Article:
We don’t live in a static world, and failure to recognize the sea-changes in geopolitics is hugely dangerous.

    Thanks, by the by, for your comments. I’m always very happy to get thoughtful points of view that aren’t mine; that’s how one learns.

  2. Lawrence Haws Lawrence Haws

    I have to agree with Richard. Though the McVeigh-like terrorists you mention can cause great damage and death on their own, they aren’t the consistent and long-term threat that al-Qaeda, Hamas (if we don’t abandon Israel), et al pose to our national security. The Weathermen and the SLA garnered a lot of press, but they were small fry compared to what Islamic radicals want to wreak on the US today. (And the Red Brigade? Are they even still around?)

    Islamists need state support to operate internationally and the war on terrorism is intended to quash that support (at least I hope it is). Iraq is one piece of the effort. Iran, North Korea and Saudi Arabia are others, though wisdom may determine that they each be dealt with differently.

    It’s true that we don’t live in a static world and it’s therefore dangerous not to recognize new and very real threats to our nation. You say there are lots of things about our country worth defending. I’m glad we agree on that.

    I’m a Jacksonian on foriegn policy and though I disagree with you here, I respect opposing opinions on war with Iraq that does not invoke the ridiculous and too-often heard accusations of racism, oil greed and imperialism.

    I’m a veteran of Desert Storm and I assure you that if the US wanted Iraq’s oil we could have had it then. We didn’t get CNN at the time, but our commanding officer explained the ceasefire to us as a worry about mission creep: We were there to liberate Kuwait, not Iraq.

    Fine, we thought, we’re going home. But every marine and sailor I knew believed we’d be back there within 10 years to finish the job. Not off by much. Politics.

    You say that Saddam’s overthrow would be “a net good for the world”, but you don’t offer an alternative suggestion of how that may be accomplished. More UN sanctions? You oppose US “unilateralism” even though the UK, Australia and a number of other democratic countries are already onboard.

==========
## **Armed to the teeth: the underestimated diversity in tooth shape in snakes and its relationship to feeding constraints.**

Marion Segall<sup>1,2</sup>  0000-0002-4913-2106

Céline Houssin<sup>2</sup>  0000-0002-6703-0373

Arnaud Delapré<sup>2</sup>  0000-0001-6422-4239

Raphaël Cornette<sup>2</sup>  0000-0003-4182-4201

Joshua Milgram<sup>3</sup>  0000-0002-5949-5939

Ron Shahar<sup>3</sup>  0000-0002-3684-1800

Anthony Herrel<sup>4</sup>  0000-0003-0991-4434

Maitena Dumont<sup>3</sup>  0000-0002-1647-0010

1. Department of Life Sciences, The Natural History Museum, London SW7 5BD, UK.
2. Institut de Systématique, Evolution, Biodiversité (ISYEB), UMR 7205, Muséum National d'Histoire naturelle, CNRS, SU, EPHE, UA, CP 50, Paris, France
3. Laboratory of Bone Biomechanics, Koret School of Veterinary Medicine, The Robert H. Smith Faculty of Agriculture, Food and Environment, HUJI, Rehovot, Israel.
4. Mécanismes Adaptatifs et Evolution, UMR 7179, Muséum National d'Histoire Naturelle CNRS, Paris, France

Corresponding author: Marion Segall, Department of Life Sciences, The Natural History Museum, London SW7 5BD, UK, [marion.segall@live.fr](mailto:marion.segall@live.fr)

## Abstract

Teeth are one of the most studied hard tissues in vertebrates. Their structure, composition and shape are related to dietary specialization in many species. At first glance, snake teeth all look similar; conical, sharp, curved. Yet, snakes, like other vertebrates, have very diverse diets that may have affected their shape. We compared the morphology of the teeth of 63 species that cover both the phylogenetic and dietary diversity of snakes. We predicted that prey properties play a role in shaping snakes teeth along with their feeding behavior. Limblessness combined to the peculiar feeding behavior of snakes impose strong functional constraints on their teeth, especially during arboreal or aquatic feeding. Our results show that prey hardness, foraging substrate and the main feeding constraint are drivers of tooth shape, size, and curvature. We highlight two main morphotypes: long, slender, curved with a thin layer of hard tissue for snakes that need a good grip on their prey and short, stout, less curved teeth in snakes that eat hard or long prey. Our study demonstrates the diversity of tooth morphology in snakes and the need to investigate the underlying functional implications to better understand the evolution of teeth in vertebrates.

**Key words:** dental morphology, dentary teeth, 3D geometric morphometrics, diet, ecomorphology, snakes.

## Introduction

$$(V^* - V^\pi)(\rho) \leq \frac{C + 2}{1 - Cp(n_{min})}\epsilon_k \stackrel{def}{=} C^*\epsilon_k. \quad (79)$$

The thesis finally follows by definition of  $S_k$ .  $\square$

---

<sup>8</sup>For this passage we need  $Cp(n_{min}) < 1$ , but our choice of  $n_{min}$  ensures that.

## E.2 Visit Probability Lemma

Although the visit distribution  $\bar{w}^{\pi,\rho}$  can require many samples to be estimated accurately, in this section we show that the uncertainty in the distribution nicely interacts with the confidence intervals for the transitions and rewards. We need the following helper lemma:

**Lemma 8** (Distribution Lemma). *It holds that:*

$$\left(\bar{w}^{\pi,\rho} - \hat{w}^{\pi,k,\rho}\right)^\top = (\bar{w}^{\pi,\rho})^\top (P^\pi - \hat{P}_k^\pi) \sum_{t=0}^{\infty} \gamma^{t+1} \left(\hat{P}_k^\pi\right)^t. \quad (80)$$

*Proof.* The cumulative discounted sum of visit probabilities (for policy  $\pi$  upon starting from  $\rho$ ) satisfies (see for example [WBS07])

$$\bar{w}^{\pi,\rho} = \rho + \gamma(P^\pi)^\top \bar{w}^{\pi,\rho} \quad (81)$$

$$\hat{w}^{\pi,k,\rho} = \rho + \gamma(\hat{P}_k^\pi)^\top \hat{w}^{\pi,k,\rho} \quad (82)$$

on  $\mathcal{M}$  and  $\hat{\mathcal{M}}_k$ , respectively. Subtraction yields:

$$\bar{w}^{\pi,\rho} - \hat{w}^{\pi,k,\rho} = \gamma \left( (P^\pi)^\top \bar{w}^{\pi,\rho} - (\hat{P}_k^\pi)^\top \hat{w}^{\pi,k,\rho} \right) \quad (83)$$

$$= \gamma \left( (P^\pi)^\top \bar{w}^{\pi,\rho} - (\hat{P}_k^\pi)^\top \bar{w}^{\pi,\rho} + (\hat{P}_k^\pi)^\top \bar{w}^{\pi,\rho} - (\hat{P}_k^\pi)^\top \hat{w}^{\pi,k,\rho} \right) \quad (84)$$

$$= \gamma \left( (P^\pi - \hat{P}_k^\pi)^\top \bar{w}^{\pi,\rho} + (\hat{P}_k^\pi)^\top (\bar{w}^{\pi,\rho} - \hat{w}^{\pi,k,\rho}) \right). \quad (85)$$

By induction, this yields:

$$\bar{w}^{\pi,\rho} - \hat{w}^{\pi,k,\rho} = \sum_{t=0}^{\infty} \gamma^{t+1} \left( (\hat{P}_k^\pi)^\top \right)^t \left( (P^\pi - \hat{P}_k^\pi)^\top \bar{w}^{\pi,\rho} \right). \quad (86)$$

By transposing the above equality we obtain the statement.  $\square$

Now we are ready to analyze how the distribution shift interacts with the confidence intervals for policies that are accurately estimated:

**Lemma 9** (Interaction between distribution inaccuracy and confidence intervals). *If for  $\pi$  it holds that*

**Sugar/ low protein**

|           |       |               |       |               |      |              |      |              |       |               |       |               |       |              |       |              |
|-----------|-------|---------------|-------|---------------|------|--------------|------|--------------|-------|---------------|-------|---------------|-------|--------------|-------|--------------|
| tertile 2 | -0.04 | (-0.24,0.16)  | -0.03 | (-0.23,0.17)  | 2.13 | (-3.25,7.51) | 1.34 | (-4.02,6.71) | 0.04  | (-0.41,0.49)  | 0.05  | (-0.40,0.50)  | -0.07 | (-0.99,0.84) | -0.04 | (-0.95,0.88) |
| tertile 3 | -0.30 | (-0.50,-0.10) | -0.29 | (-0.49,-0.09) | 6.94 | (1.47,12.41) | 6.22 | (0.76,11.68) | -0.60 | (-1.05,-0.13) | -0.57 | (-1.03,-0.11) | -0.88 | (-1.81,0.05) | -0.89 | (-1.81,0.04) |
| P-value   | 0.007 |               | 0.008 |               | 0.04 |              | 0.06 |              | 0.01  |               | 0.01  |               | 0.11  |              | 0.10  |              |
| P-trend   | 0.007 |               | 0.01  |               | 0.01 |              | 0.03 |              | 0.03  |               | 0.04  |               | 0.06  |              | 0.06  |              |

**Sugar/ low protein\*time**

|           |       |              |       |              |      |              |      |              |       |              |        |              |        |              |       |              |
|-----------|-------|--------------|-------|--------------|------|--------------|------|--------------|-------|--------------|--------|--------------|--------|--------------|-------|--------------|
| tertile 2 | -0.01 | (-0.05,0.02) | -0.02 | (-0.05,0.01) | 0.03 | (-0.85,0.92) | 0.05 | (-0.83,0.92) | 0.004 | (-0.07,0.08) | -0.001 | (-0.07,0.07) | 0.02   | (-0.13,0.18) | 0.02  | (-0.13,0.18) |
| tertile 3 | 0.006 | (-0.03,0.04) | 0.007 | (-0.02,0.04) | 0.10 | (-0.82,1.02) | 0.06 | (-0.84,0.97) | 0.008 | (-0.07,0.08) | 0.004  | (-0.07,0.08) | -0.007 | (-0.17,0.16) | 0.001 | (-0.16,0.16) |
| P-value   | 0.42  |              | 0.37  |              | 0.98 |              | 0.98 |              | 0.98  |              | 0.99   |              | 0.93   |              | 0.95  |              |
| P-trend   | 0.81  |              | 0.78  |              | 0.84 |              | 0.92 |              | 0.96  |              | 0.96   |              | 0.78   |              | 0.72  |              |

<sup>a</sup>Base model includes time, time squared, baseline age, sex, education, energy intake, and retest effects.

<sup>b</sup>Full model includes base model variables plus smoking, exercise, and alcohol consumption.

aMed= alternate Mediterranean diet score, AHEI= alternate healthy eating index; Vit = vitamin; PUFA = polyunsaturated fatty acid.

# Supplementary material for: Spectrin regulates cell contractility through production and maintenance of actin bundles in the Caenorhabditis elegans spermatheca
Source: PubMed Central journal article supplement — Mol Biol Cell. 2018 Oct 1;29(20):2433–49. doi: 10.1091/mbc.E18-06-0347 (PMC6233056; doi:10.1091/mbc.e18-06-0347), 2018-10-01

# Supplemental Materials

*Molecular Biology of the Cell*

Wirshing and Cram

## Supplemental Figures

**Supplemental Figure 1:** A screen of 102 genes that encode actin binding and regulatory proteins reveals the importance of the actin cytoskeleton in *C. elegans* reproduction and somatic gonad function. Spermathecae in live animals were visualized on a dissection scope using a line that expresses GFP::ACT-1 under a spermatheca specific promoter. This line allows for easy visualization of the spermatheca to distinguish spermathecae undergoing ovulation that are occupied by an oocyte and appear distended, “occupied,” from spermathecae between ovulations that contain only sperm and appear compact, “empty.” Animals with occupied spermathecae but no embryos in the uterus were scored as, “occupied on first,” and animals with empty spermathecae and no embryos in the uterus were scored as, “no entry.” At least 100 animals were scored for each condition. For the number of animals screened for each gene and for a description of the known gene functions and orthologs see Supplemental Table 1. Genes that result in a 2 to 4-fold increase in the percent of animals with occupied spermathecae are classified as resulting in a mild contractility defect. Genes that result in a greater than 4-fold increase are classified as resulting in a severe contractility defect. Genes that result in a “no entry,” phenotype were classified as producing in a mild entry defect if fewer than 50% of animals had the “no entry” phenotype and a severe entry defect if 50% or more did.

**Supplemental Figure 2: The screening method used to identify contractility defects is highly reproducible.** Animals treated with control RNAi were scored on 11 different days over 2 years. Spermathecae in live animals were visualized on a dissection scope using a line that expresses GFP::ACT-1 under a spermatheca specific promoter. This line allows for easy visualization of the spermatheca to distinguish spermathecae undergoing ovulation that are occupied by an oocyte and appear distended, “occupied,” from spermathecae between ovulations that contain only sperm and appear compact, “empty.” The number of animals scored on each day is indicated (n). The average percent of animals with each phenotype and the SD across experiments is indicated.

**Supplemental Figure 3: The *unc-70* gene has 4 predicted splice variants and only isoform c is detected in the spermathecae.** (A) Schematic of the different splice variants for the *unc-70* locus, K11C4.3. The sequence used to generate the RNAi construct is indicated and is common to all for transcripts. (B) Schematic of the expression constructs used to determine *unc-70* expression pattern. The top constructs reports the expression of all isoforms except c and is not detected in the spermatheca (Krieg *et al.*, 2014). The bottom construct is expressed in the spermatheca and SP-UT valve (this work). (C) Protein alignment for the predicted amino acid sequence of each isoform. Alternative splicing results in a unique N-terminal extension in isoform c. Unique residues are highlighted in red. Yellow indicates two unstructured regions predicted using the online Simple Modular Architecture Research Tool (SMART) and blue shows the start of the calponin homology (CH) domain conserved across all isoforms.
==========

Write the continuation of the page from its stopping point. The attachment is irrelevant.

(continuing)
I hate to disillusion you — who am I kidding? I love it — but UNSC counsel members France and Russia oppose regime change in Iraq for their own economic reasons and the vast majority of member nations are not democracies at all, but merely the expression of one man’s will. No moral confidence should be placed in that organization above that of the US.

    That’s my opinion anyway. By the way, I noticed via Taitus’ comment section that you are an alum of the intrastate rival of my own undergraduate school. I’ll forgive you for that since we have owned the Hawks on the grid iron for the last five years!

  3. Certainly the Weathermen and the Red Brigade aren’t still around, but I think you’re overly optimistic if you assume that equivalent organizations couldn’t cause us a great deal of damage. As a long term threat? Nah; a small group of people can be found and dismantled relatively easily. But what does it matter if ten buildings are destroyed by ten small groups or one persistent one? The death toll is the same.

    The point is that small, non-state backed terrorist groups capable of one or two significant acts of terrorism exist and will continue to exist — and kill people — into the future.

    Regarding unilateralism:

    http://www.smh.com.au/articles/2003/01/19/1042911270273.html

    And, let’s see, a quote today from the British Defence Secretary, Geoff Hoon: “Resolution 1441 recognises that you go back to the UN at any stage. We believe the right thing to follow would be a further Security Council resolution – that is what we will work to achieve.”

    I’d say there’s an almost zero chance that the US is going to war without a second resolution, despite Bush’s rhetoric. Again: he’s deliberately taking an extreme position in order to get the compromise where he wants it. This is a point often missed by those on the left (who think he’s likely to go it alone) and the right (who are going to be sorely disappointed when we hit the compromise).

    In terms of what we should do? Well, I do in fact know about Russia and France; sorry to disillusion you right back. Don’t assume I’m poorly informed just because I disagree with you. Note that their interests are purely economic. If we’re willing to contemplate holding Iraq’s oil fields in order to cover some of the costs of the war, surely it would be reasonable to agree to divert some of that revenue to Russia and France?

    In general, I think that Bush should have broached the Iraq matter in private diplomacy with the permanent members of the Security Council before going out and staking his prestige on a war with Iraq. I.e., don’t blackmail the UN with loss of prestige. Push for a war under UN auspices, rather than an American war with reluctant UN approval.

    And yes, I think that with appropriate guarantees to the other countries with financial interests in the matter, he could have gotten it.